Manufacturing: nothing good about it

Well that’s an overstatement, but there’s been a long standing idea – going back to before Adam Smith that there’s something ‘good’ about “making things” to use some words that have suddenly become very popular. In reaction against this the economic establishment is of course against picking winners, and this occasionally manifests itself in a mindset that is almost anti-manufacturing.

In any event, I’ve never thought that there’s anything good about manufacturing – or better than other things. It produces some good jobs and quite a few awful ones, and the returns are not that high – it’s an area in which you get the ‘flying geese’ behind you threatening to catch up all the time – more so than in many services. One (not necessarily particularly strong) argument for assisting manufacturing was that it would help ‘diversify’ our economy and ameliorate the volatility of our terms of trade and our growth. Well not any more. Just as commodities used to come with a strong cycle, at least in this cycle, so has manufacturing.

As Glenn Stevens illustrates with this graphing (pdf) of the share of manufacturing against short term growth right now.

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7 Responses to Manufacturing: nothing good about it

  1. Tel_ says:

    It’s kind of difficult to do mass manufacturing without a good supply of commodities (and energy). If you figure out how, be sure to explain the details to me at least a year before you say anything to anyone else.

    Then again, a block of copper in 2009 is still a block of copper in 2020, but top of the line computer circuits in 2009 are a challenge for recyclers in 2020 (i.e. you can stockpile minerals, you cannot stockpile high-tech products).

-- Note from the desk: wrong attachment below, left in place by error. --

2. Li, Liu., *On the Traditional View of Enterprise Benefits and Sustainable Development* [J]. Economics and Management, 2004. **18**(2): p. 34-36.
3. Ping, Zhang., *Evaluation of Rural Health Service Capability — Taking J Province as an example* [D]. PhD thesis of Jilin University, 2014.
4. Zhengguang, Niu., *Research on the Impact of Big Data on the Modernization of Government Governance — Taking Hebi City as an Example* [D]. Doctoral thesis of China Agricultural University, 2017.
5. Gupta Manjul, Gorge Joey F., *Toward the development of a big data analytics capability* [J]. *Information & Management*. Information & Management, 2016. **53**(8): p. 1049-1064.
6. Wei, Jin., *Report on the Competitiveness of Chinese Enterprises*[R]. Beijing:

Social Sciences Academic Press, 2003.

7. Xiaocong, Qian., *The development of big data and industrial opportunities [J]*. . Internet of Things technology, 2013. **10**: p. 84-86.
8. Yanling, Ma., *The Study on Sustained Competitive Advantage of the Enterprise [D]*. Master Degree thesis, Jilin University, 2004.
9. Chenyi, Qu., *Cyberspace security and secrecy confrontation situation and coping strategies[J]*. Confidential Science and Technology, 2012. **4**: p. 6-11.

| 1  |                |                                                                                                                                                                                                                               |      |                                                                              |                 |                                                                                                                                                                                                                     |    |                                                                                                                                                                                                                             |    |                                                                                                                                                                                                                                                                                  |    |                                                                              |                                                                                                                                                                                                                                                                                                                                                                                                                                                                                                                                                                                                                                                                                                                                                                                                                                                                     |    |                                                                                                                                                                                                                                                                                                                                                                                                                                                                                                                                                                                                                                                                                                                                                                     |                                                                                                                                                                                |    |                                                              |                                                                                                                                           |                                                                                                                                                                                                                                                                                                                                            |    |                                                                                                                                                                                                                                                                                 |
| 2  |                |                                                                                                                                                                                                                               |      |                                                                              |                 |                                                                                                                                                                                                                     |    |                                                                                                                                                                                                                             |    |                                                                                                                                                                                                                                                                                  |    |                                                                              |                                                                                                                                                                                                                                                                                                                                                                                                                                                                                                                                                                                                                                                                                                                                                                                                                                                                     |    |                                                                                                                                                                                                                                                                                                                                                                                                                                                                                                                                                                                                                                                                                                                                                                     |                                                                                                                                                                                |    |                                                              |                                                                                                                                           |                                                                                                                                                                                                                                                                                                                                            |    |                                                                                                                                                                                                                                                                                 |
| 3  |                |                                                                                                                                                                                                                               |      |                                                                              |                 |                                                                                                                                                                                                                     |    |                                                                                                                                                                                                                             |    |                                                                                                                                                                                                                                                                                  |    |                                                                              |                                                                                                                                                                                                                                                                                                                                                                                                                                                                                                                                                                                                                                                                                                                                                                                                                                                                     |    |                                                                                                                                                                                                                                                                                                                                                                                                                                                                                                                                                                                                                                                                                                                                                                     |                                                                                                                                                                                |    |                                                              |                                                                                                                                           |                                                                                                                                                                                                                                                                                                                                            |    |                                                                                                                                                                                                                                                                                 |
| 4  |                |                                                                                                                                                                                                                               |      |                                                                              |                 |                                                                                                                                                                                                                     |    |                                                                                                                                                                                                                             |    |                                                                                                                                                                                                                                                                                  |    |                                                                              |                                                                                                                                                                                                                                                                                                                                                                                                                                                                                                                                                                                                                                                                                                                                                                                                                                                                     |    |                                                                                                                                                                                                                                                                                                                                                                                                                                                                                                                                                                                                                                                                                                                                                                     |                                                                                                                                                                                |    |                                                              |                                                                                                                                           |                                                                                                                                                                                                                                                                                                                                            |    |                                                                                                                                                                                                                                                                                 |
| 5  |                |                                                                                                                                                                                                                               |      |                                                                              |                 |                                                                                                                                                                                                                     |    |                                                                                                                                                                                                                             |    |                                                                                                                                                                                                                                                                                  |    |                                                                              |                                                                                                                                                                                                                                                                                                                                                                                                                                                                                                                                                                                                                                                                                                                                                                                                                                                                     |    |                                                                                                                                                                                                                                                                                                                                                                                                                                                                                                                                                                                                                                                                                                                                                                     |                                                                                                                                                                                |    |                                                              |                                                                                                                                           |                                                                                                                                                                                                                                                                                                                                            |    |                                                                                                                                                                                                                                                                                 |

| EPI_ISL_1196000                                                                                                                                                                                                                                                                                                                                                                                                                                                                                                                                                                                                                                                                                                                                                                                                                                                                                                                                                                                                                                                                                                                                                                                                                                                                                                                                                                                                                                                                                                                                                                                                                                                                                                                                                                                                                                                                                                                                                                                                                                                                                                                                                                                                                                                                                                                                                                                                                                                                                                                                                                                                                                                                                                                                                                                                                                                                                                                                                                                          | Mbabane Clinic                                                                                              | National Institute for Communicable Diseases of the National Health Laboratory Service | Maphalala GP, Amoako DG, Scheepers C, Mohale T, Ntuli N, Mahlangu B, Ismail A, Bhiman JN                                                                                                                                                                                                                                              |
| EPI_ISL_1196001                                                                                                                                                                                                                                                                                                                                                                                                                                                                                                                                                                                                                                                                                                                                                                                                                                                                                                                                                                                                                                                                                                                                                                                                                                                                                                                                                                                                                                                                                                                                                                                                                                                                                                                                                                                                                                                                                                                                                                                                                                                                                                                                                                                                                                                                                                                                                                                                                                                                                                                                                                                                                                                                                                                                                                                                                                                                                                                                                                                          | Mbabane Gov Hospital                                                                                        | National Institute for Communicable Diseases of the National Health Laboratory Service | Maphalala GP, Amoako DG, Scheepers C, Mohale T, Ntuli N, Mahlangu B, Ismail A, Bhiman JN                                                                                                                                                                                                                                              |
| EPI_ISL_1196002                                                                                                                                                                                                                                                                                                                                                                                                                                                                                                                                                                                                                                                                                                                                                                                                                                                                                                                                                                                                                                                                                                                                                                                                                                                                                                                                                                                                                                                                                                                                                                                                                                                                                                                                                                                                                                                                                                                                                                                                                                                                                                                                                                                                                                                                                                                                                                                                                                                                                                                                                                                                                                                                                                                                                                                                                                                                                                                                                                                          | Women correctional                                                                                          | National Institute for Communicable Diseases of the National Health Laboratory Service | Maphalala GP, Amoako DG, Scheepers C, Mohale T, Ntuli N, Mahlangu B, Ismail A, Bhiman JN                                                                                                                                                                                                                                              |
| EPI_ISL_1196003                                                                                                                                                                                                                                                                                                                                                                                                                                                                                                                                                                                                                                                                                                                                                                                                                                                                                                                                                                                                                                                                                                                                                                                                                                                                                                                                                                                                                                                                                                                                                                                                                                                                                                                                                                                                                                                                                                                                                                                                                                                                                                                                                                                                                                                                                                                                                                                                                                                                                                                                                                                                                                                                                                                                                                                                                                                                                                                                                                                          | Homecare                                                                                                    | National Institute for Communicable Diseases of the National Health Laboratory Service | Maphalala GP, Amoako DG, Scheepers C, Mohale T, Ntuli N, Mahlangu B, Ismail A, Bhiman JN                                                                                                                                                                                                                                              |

2. Nabakov says:

    Yet interestingly enough the US is still the world’s biggest manufacturer by a long shot and manufacturing accounts for the same percentage of its GDP as it does for India. China maybe higher in GDP percentage but not in value added terms.

    Mind you these days with global supply chains, who can say where the construction and assembly stops and the credit begins.

    However the US still totally dwarfs everyone else in terms of IP. Especially entertainment, software and pharmaceuticals. Sounds like a good night in to me.

  3. James Farrell says:

    Nicholas:

    Stevens’ main thesis, which is supported by his first graph, is that it’s the income-elastic consumer durables and investment goods that are most prone to collapse, while non-durables demand is fairly constant. On this basis you’d expect countries specialising in sophisticated manufactures to be below the line. Except for the case of Japan, the graph doesn’t seem to bear out the thesis. There are probably not enough data points, though, to read much into it.

    Nabakov:

    blockquote>China maybe higher in GDP percentage but not in value added terms.

    GDP is national value added, isn’t it?

  4. John Greenfield says:

    Nicholas is absolutely correct, and I wish he had shouted this much louder during the recent election campaign. Rudd said something to the effect, ‘I don’t want to live in a country that does not make things’.

    Firstly, what – yet another – an extraordinarily hypocritical attitude given how his missus makes their tens of millions. Secondly, anybody who has ever constructed, analysed, or even looked at a value chain, will instantly recognise the furphy of ‘manufacturing rules’. This insight was one of the exciting ones you get when you start your first real job. We were made to read Michael Porter’s Competitive Strategy: Techniques for Analyzing Industries and Competitors.